Sept. 1, 2009 -- Jaycee Dugard is back with her family 18 years after being kidnapped by Phillip Garrido at the age of 11. Now Dugard and her two daughters face a long road ahead as they try to adapt to a normal life.
As we begin to learn more about the way Jaycee Dugard and her children lived -- in a series of ramshackle tents and sheds amid squalor -- one can only imagine how Dugard will be able to re-integrate back into society.
"It's been suggested that there's been signs of Stockholm Syndrome, that she may be feeling loyalty, perhaps even guilt and that makes it all the more difficult. It also means it's going to require very serious therapy [and] intervention," said psychologist John Lutzker, Ph.D., director for the Center for Healthy Development at Georgia State University. "In addition to therapy, simply spending a lot of time with her family would be useful to help this process move along."
Ernie Allen, the president and CEO of the National Center for Missing and Exploited Children said on "Good Morning America" today that it isn't surprising that Dugard was reportedly working for Garrido and had access to a computer and telephone during her captivity.
"I think if ever there's an example [of Stockholm Syndrome]…this is it," said Allen, whose organization helped find a psychologist to work with Dugard and her family. "This child was abducted when she was 11. She was terrorized, she was abused. The mind can only take so much anger, rage and fear, and small kindnesses cause these victims to identify with their captors."
"This happens with adults," he added. "First and foremost, what Jaycee did was figure out how to survive."
Mental health experts have few examples to guide them in dealing with extreme kidnapping cases such as this one.
In Austria Elisabeth Fritzl was held captive in her basement by her father and bore seven children with him until her plight was discovered last year. She has yet to be emerge in public, but reportedly has made significant progress, possibly even finding love.
Closer to home is the case of Elizabeth Smart, who was snatched from her suburban Utah bedroom in 2002 at the age of 14.
More than a year later, as hope was fading, an elderly couple spotted a disguised and frightened Elizabeth with her captor Brian David Mitchell. He reportedly forced her to live as his young wife. For the Smart family, forgiveness was key.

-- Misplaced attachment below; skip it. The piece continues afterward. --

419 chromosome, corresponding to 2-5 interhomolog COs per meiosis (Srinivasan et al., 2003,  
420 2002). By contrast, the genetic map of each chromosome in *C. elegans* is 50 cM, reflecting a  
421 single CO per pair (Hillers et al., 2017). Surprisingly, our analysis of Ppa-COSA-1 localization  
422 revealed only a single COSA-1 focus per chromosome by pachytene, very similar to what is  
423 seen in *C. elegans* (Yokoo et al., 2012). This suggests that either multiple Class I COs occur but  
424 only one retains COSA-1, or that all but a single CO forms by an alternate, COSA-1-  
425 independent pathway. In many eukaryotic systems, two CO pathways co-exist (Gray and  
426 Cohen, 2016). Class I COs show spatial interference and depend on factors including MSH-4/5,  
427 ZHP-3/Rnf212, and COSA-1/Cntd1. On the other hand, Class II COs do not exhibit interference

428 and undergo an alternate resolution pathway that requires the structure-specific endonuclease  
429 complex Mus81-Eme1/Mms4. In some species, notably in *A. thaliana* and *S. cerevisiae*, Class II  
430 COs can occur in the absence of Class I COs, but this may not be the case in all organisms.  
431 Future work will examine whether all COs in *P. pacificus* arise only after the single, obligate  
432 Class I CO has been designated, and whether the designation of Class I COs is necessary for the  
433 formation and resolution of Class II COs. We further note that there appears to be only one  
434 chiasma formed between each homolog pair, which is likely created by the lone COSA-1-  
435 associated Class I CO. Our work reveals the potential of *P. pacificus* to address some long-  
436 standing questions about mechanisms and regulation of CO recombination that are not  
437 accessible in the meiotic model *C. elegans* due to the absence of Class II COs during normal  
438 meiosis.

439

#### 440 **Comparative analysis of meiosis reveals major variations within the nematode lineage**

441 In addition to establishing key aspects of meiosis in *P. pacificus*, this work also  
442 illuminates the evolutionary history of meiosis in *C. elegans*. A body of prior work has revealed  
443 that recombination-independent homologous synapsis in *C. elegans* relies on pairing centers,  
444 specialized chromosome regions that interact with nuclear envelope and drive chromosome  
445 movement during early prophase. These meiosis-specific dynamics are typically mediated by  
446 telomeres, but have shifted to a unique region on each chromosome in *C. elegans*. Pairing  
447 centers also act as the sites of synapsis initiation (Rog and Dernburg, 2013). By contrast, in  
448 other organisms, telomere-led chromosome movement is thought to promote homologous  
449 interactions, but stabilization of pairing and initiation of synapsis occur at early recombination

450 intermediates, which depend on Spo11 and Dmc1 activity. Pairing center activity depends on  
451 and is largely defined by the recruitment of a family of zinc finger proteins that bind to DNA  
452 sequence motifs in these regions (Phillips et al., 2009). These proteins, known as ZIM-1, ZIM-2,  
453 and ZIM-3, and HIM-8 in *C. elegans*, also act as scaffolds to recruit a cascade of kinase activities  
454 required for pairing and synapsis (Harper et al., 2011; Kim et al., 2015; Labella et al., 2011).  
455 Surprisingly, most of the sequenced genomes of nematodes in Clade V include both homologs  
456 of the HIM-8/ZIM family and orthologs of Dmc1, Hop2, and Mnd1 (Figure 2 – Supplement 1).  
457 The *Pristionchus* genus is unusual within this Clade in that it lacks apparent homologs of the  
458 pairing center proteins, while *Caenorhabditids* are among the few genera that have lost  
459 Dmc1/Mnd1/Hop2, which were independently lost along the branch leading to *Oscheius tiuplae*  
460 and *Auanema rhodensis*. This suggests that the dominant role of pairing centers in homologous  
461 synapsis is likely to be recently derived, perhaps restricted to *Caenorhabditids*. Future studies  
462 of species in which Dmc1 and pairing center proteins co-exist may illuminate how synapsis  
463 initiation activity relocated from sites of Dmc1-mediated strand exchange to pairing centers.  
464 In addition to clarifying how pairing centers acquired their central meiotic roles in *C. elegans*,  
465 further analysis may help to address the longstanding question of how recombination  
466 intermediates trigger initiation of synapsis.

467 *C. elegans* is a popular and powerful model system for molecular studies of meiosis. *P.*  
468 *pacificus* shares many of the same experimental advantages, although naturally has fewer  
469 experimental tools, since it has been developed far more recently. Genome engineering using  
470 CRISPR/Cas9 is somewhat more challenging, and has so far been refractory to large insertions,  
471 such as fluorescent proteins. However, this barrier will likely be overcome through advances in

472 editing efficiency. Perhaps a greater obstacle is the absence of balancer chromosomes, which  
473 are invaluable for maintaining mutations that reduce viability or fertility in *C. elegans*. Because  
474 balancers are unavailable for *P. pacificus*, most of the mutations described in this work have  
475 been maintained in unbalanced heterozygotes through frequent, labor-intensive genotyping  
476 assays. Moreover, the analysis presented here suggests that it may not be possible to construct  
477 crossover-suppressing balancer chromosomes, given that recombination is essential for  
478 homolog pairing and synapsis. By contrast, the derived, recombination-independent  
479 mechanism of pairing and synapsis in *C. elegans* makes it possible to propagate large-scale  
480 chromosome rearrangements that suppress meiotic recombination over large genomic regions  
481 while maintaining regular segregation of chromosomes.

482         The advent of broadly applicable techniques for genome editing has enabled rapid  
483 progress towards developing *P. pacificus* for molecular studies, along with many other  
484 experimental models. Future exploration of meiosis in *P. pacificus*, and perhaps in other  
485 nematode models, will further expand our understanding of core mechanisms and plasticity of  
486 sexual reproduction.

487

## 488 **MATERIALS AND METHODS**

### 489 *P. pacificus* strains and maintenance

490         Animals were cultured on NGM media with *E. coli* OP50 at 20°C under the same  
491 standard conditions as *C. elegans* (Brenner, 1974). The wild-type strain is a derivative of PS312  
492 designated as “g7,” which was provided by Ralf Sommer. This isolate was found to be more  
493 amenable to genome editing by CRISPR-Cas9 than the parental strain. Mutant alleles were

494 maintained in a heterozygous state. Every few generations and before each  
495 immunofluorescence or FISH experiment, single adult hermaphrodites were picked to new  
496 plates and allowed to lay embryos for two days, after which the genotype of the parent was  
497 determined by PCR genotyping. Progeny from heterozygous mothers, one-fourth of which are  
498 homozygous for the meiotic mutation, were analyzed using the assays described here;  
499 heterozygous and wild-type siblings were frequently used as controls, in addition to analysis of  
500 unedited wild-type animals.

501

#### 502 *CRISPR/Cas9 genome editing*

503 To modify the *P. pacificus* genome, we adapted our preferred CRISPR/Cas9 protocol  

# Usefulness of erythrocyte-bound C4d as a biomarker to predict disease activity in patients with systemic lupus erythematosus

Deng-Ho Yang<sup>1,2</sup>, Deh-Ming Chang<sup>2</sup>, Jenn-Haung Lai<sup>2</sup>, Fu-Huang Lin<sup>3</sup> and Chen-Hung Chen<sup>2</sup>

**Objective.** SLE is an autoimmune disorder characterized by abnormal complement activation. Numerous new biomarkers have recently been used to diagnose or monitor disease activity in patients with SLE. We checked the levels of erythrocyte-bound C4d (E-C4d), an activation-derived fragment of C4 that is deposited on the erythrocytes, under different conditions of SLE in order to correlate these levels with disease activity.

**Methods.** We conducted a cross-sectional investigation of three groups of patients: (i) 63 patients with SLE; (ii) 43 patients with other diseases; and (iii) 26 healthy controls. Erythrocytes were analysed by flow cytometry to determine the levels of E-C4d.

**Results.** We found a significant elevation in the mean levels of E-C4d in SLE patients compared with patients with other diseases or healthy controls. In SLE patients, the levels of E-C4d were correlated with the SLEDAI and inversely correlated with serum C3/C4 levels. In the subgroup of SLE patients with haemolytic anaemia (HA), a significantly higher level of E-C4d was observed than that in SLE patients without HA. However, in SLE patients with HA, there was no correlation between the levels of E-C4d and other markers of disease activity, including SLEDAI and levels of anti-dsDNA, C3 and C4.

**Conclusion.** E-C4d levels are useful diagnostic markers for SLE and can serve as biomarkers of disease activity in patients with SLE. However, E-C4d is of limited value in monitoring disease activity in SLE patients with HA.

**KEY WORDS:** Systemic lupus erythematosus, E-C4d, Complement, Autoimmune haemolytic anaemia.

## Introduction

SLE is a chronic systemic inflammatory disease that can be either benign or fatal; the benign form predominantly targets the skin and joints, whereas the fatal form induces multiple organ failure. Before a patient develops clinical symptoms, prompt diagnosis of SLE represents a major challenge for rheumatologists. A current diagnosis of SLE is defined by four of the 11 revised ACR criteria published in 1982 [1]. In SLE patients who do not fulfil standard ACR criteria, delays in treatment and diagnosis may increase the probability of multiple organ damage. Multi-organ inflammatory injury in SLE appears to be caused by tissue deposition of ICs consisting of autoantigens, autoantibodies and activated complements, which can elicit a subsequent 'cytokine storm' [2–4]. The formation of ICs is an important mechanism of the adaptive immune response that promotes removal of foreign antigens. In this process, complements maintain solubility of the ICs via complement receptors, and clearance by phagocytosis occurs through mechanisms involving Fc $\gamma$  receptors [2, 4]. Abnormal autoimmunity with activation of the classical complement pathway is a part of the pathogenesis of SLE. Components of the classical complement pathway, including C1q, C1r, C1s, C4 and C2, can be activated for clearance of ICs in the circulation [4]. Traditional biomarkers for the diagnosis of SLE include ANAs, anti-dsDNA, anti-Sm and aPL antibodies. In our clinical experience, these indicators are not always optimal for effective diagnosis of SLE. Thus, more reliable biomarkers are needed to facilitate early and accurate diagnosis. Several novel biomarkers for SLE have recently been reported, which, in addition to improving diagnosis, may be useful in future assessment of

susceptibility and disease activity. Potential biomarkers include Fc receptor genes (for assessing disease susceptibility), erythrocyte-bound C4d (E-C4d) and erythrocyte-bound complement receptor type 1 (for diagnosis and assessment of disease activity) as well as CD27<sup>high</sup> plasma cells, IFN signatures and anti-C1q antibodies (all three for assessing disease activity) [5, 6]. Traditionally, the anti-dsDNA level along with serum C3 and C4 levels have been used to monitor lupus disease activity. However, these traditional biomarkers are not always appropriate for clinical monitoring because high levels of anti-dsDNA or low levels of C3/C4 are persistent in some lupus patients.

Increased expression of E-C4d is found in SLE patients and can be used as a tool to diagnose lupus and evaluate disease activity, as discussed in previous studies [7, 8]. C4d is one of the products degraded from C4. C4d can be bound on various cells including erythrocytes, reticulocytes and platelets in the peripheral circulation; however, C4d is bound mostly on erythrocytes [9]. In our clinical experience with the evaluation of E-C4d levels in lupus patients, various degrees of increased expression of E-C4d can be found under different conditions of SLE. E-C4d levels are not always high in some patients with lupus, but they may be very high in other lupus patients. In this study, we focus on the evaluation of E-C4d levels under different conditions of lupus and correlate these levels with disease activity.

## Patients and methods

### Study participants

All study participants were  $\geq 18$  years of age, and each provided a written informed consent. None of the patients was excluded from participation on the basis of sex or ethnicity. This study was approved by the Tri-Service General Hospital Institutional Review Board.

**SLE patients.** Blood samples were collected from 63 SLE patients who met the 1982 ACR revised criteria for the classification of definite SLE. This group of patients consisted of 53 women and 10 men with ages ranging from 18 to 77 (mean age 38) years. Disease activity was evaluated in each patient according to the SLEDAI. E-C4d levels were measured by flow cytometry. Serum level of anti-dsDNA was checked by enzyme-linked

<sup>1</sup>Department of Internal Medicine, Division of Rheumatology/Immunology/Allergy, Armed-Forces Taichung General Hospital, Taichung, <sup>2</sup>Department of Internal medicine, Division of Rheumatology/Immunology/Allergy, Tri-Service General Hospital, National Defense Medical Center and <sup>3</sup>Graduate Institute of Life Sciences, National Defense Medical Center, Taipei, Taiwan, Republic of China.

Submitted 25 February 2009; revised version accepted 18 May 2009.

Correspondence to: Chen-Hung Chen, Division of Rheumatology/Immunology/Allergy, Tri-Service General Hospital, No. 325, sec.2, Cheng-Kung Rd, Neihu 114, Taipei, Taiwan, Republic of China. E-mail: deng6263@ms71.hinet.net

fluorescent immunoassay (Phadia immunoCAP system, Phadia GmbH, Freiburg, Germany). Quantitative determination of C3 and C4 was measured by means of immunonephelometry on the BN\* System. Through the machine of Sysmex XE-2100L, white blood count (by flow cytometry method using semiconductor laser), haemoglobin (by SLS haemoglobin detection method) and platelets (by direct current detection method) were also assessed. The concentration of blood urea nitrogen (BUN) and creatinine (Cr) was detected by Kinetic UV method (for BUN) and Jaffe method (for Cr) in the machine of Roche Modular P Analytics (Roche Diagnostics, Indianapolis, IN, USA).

"We don't forget what happened," Elizabeth's mother Lois Smart told "GMA" in 2008. "But we have to move forward. And in order to move forward, we have to let the past go."
Kidnapping Victims Must Find 'a New Normal'
And then there's the case of the 2002 kidnapping of 11-year-old Shawn Hornbeck. He was bicycling near his Missouri home when he was abducted by Michael Devlin.
Four and a half years later, police were searching for another missing child, Ben Ownby, in Kirkwood, Mo., when they discovered Hornbeck, who was 15 years old at the time. He had been sexually abused, and had been forced to help Devlin kidnap and hold Ownby. Devlin was sentenced to life behind bars.
For Shawn Hornbeck's mother Pam Akers, hearing the details of her son's ordeal and learning that "some of my worst nightmares were true," was heartbreaking.
"There's a lot of things that happened from 11 to 15 that are firsts that will never happen again. They're just lost forever," Shawn's father, Craig Akers, said. "It's really hard to come to term with that fact that those years are gone."
Dugard's case is complicated by the fact that she has two daughters, ages 15 and 11, with her captor.
"You can never erase those 18 years…but what you can do is create a kind of new normal and you can help her live a positive and productive life," Allen said.
He said it's also important for Dugard to play a role in her daughters' healing.
"Their captor who had limited their access to the world… but this was dad," he said. "It's important again to reinforce with them that they've done nothing wrong. Jaycee will play a key role in this. It's going to take patience and time to help these children catch up."
For Hornbeck's family, healing came through therapy.
"It gave Shawn a safe place to tell us things he had done in captivity and it gave us a safe environment to react," said Pam Akers. "If we wouldn't have had all of that ... I don't think it would have been successful. Individual and group therapy is one of the things Jaycee and her family should do."
Jaycee Dugard: Overcoming Feelings of Guilt
Dugard's step-father told "GMA" Monday that she was experiencing feelings of guilt. Allen said that's not unusual for kidnapping victims.
"It is a slow, patient process, but first you reintroduce Jaycee to her parents," he said. "You emphasize the importance of unconditional love."
Shawn Hornbeck's parents concurred.
"I'm sure there's so many emotions complicated by the fact she has two young daughters," Craig Akers said. "I'm sure that she's confused and uncertain, probably wondering if people are going to blame her."
"We have to make sure they love her no matter what," he added. "She has to know what happened wasn't her fault. You have to make sure she has no thoughts like that at all...she's not responsible for any of it."
Today, Shawn's parents say he's doing well and is a typical high school senior, dating, working part time and starting to look at colleges.
"We're very grateful we have this opp to send a message of hope to families that have children out there," Craig Akers said. "There are more people like this…some perhaps in a situation like Jaycee.. We want to get our message out there that it's ok...your family loves you no matter what."